When you think of an apprenticeship you may well presume it applies to manual jobs only, as this has been the most generic form of this scheme in the past. However, apprenticeship schemes in white-collar careers have seen a recent increase. For example, in 2015/16, 143,000 people were in business, administration and law apprenticeships, compared with about 77,000 in 2009/10.
Director of corporate sales at the Open University (OU), which offers a range of apprenticeships, David Willett, says: “The perception of an apprentice is unfortunately usually someone in a hard hat on a construction site. But that perception is changing as big employers such as Unilever and IBM begin to invest in apprenticeships to develop the talent and skills they need to achieve their business goals.”
He believes that things are changing after years of apprenticeships being seen as second-rate qualifications. School-leavers are increasingly viewing apprenticeship schemes as a viable alternative to the traditional university route and to graduating, according to the Institute for Fiscal Studies, with average debts of more than £50,000.
Alex Bailey, 20, is an OU chartered manager degree apprentice. He’s studying for a qualification that will provide him with a bachelor’s degree, fees paid, while he works. “I feel blessed to be able to get a university qualification, be debt free and have a job when I graduate,” he says.
“With the freedom to learn and work simultaneously, I am becoming better at my job because I can apply what I learn directly in the workplace.”
According to the Association of Graduate Recruiters, graduate employers – including BAE Systems, GSK and PwC– will hire more than 12,000 apprentices this year.
Since April, employers with an annual wage bill of more than £3m have been required to pay 0.5% of the total into an apprenticeship levy, which can be used by employers in England to fund apprenticeships. The government believes this will help address the UK’s skills and productivity gaps relative to other advanced economies. According to industry body EngineeringUK, the UK will have the need for 1.8 million more engineers and technicians by 2025.
Groups of employers known as “trailblazers” are developing new apprenticeship standards, which regulate the knowledge and skills that apprentices will learn throughout their training. The government views this as a route for employers to meet their own skills needs, those of their broader sector and of the UK economy.
Employers say they value apprenticeships both because they plug skills gaps and because apprentices are proven to improve productivity and organisational performance.
The Guardian gives some credible examples of apprentices who became leaders:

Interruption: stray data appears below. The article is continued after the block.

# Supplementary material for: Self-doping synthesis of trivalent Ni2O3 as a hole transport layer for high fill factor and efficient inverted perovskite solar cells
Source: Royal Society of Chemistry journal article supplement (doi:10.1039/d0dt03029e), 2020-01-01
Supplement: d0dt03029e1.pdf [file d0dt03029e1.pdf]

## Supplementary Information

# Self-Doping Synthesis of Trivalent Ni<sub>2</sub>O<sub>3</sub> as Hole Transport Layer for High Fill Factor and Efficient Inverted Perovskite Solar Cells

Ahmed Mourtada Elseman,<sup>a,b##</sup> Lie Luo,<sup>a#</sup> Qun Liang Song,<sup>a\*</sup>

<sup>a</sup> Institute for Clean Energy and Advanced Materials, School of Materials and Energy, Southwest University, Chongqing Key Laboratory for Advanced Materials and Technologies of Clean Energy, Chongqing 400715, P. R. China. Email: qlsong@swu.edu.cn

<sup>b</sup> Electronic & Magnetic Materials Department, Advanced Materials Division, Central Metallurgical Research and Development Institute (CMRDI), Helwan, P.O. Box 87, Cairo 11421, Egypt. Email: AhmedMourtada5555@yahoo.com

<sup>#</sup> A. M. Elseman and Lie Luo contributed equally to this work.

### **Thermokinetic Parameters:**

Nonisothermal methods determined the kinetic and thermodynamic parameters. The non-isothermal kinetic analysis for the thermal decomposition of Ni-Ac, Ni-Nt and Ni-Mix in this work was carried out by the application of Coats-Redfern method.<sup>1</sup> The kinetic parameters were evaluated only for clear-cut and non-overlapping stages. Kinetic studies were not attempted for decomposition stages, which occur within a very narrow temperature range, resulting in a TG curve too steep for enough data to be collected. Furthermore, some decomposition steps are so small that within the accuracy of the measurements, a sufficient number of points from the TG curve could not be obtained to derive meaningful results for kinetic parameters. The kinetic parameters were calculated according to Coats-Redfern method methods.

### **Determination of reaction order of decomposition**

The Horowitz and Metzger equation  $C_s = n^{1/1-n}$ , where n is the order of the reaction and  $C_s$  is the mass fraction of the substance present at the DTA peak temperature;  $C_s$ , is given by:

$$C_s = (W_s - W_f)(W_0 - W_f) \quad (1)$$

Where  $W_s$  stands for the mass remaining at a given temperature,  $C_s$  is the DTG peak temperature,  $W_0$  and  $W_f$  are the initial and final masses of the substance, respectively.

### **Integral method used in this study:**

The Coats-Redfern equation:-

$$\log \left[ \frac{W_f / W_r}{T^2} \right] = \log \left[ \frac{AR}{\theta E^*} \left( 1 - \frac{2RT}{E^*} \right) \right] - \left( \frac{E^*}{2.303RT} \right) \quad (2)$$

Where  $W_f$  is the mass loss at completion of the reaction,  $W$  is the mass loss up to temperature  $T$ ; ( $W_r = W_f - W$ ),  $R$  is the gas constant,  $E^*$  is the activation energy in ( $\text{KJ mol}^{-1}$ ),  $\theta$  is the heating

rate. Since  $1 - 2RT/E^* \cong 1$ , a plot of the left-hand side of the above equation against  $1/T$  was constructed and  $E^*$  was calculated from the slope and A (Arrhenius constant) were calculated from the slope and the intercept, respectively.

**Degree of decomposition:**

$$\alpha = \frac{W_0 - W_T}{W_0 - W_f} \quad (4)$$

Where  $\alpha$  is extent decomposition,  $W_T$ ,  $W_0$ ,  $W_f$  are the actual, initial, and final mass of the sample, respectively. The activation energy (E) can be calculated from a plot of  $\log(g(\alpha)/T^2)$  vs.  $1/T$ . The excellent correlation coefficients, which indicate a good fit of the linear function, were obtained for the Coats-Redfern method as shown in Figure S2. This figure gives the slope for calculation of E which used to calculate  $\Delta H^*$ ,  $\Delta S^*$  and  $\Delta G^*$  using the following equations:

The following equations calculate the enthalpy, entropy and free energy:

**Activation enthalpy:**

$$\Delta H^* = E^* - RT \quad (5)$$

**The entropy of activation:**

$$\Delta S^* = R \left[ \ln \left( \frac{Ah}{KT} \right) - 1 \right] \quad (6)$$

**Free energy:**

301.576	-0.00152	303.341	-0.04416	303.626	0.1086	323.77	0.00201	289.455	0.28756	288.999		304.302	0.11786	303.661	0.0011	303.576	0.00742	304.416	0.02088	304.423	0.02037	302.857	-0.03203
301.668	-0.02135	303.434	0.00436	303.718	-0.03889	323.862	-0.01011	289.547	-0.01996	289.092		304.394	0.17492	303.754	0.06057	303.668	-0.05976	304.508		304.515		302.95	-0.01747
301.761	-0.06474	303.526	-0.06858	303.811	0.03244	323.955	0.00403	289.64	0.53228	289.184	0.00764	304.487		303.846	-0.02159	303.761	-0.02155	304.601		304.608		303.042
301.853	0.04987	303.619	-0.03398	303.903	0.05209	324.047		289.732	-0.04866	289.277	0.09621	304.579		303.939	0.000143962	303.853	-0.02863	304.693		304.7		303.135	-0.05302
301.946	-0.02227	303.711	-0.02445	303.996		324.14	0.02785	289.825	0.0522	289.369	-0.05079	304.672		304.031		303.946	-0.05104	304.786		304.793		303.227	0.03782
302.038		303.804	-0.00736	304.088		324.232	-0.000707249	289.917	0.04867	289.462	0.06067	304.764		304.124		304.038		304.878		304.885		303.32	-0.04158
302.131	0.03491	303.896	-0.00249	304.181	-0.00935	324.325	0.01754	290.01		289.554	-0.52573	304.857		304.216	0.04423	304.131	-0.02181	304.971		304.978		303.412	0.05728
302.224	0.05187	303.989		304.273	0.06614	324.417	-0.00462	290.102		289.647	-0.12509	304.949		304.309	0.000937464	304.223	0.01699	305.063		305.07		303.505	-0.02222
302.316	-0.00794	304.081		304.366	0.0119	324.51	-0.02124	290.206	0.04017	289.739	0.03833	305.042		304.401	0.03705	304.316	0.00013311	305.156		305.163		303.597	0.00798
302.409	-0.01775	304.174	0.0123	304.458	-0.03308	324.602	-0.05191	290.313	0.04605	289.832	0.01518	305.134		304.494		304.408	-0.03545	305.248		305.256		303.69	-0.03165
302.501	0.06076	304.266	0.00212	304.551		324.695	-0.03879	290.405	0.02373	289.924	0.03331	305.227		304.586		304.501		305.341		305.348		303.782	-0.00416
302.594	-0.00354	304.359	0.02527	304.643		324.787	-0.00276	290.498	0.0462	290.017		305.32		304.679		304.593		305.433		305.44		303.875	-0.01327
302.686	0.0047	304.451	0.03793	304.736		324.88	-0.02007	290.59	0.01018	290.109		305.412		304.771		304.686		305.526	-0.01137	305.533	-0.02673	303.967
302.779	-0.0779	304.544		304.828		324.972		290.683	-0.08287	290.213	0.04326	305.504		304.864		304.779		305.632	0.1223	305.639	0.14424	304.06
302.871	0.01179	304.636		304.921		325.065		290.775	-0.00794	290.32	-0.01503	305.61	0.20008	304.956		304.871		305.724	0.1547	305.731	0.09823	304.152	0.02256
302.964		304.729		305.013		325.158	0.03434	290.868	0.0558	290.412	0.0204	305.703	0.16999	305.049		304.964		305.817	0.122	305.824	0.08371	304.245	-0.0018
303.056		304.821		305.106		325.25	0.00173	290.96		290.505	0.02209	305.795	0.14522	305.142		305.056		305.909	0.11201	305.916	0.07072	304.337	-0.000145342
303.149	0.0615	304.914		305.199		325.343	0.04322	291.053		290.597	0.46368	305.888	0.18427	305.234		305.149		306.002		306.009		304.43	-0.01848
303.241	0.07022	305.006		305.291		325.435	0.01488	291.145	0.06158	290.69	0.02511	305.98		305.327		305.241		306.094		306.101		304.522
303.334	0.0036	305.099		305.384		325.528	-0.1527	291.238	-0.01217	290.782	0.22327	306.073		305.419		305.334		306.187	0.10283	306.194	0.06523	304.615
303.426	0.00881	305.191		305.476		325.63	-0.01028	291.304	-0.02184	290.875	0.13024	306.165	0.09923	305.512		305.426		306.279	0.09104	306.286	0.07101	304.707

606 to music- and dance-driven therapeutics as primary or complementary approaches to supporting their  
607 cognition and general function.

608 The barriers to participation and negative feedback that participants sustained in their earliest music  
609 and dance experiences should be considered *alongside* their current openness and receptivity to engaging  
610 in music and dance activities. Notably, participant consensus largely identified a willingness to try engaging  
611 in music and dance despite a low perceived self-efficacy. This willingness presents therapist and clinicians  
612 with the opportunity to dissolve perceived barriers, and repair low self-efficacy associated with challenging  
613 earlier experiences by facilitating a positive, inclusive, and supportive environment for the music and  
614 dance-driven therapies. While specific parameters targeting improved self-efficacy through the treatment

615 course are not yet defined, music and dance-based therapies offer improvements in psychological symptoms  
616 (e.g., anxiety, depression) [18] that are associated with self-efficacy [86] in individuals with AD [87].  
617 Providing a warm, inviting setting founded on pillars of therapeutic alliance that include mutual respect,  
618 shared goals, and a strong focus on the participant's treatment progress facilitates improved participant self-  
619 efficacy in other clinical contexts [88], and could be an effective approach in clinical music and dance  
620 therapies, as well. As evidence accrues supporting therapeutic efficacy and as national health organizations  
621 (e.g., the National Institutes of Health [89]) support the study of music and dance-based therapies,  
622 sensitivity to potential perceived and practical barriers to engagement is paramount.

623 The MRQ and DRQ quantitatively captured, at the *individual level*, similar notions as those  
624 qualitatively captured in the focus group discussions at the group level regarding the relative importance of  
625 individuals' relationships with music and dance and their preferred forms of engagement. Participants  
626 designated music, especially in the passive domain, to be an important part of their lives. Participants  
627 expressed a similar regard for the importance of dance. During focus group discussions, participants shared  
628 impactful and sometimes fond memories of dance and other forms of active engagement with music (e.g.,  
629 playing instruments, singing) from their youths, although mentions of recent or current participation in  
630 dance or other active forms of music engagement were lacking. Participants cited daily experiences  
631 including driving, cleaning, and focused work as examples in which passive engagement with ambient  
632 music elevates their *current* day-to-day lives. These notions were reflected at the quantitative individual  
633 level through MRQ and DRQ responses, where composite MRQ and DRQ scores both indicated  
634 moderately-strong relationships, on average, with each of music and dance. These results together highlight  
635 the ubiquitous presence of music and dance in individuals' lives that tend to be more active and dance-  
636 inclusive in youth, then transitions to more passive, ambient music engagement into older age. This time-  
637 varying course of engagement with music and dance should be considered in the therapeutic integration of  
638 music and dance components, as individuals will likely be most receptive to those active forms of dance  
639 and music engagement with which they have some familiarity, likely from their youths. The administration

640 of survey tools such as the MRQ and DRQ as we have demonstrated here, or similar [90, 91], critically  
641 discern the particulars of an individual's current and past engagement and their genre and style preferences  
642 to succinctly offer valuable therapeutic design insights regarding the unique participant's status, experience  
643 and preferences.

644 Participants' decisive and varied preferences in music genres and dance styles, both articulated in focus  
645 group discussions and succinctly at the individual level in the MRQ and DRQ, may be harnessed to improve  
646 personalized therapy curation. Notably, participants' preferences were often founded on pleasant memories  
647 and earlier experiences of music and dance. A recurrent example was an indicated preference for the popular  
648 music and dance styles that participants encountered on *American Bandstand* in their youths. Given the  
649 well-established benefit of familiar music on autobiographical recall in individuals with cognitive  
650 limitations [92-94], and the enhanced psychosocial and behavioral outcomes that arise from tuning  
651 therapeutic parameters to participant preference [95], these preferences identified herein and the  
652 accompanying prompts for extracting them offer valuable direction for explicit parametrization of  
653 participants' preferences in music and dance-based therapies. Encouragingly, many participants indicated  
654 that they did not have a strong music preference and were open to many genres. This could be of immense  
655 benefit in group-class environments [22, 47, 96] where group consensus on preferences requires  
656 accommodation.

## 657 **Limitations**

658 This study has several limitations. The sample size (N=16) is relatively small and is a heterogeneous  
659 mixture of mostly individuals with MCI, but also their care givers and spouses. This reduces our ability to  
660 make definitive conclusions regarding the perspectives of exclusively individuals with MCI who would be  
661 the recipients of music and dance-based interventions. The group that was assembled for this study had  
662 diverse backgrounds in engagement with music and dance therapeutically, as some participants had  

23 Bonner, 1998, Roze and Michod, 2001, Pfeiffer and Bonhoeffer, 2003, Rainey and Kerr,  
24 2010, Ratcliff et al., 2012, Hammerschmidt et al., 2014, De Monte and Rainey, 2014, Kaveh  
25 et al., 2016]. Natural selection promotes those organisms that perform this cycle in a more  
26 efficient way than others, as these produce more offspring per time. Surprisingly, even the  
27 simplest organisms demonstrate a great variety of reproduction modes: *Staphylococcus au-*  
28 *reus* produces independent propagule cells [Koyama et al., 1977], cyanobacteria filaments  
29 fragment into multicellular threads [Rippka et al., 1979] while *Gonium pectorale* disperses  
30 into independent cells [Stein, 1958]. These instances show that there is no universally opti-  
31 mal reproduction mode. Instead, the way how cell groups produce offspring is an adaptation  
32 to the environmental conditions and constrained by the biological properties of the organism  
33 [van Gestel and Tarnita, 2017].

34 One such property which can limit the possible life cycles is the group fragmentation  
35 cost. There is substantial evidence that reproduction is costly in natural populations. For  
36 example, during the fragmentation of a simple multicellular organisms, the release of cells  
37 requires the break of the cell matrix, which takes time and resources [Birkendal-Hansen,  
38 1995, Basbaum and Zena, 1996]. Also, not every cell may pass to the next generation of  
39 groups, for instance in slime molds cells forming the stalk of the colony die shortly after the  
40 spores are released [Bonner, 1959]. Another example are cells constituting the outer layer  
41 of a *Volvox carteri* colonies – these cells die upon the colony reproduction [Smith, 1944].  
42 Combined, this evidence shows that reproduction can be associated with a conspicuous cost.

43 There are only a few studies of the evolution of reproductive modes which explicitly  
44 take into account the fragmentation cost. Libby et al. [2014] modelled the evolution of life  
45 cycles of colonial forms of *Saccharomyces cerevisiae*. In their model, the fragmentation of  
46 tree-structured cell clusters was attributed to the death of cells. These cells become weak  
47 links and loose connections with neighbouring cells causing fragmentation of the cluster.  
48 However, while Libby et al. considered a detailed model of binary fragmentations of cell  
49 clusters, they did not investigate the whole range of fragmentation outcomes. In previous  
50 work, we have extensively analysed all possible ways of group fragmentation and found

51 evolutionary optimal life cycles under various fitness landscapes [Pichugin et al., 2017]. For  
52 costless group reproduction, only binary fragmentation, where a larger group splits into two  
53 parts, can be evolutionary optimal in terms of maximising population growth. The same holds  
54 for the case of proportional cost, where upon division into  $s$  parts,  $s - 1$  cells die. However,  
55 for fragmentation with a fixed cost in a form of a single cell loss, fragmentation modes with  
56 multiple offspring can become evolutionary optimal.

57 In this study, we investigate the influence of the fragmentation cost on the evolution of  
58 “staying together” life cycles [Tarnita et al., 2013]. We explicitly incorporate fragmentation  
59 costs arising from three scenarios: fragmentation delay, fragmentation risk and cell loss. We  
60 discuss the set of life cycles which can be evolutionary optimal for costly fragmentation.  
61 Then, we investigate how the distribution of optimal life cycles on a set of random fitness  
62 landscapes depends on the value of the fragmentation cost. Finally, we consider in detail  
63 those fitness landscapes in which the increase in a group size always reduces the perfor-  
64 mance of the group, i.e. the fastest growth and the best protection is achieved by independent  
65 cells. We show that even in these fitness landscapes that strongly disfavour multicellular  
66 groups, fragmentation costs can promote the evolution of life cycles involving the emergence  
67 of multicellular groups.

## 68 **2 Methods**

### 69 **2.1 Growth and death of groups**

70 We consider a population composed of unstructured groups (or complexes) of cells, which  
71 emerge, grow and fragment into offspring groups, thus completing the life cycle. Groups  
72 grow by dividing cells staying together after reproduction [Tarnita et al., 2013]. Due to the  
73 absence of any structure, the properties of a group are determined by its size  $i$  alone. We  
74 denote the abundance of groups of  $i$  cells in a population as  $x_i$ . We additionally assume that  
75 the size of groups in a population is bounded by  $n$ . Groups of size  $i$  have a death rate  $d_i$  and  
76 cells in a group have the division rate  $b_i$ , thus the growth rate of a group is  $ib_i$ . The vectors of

The celebrity chef started out studying hotel management at North Oxfordshire Technical College aged 19, after a stint as a professional footballer. When he earned his qualification in 1987, Ramsay worked under some of Europe’s top chefs. He apprenticed with Marco Pierre White at Harveys in Wandsworth, London, worked for Albert Roux at Le Gavroche, and with Guy Savoy and Joël Robuchon in France. In 1998, Ramsay opened his namesake restaurant in Chelsea, earning three Michelin stars. He has since set up a string of restaurants across the globe. The restaurateur has also starred in TV shows including Kitchen Nightmares, Hell’s Kitchen and MasterChef.
Titchmarsh left school aged 15 and became an apprentice gardener at a local nursery in Yorkshire. He studied horticulture at Royal Botanic Gardens, Kew, before becoming a horticultural journalist and broadcaster. Titchmarsh fronted the BBC’s coverage of the RHS Chelsea Flower Show for 30 years and presented Gardeners’ World and Ground Force. He now presents Love Your Garden on ITV and has written more than 50 gardening books. In 2004, Titchmarsh was awarded the Victoria Medal of Honour, the highest accolade in British gardening.
Sir Alex Ferguson
Ferguson’s first job was a humble toolmaking apprenticeship at the Remington Rand typewriter factory in Glasgow in 1958. He began his football career at Queen’s Park in Glasgow aged 16, before joining Dunfermline Athletic and later Rangers. Ferguson began his managerial career in 1974 and took the helm of Manchester United in 1986. He won 38 trophies during his 26-year tenure at Old Trafford – including 13 Premier League titles and two Champions League titles. Ferguson was crowned manager of the decade and received a knighthood from the Queen in 1999.
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